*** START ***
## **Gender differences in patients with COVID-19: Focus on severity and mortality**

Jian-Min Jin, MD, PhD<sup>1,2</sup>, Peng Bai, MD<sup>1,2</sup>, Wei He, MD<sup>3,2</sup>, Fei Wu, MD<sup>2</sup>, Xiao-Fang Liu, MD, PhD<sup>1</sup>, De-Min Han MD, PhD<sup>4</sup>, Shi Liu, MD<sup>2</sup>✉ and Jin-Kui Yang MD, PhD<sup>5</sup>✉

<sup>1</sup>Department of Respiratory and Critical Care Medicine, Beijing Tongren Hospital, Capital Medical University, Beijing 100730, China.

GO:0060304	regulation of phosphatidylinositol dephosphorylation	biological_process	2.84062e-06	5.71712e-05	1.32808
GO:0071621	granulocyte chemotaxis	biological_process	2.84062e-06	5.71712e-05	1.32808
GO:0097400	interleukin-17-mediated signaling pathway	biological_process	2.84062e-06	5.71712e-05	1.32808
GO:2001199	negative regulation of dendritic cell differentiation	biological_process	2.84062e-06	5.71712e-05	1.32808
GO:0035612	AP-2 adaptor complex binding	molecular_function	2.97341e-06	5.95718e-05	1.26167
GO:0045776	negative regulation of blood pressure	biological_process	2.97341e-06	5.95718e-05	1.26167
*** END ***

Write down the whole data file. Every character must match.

## **Gender differences in patients with COVID-19: Focus on severity and mortality**

Jian-Min Jin, MD, PhD<sup>1,2</sup>, Peng Bai, MD<sup>1,2</sup>, Wei He, MD<sup>3,2</sup>, Fei Wu, MD<sup>2</sup>, Xiao-Fang Liu, MD, PhD<sup>1</sup>, De-Min Han MD, PhD<sup>4</sup>, Shi Liu, MD<sup>2</sup>✉ and Jin-Kui Yang MD, PhD<sup>5</sup>✉

<sup>1</sup>Department of Respiratory and Critical Care Medicine, Beijing Tongren Hospital, Capital Medical University, Beijing 100730, China.

GO:0060304	regulation of phosphatidylinositol dephosphorylation	biological_process	2.84062e-06	5.71712e-05	1.32808
GO:0071621	granulocyte chemotaxis	biological_process	2.84062e-06	5.71712e-05	1.32808
GO:0097400	interleukin-17-mediated signaling pathway	biological_process	2.84062e-06	5.71712e-05	1.32808
GO:2001199	negative regulation of dendritic cell differentiation	biological_process	2.84062e-06	5.71712e-05	1.32808
GO:0035612	AP-2 adaptor complex binding	molecular_function	2.97341e-06	5.95718e-05	1.26167
GO:0045776	negative regulation of blood pressure	biological_process	2.97341e-06	5.95718e-05	1.26167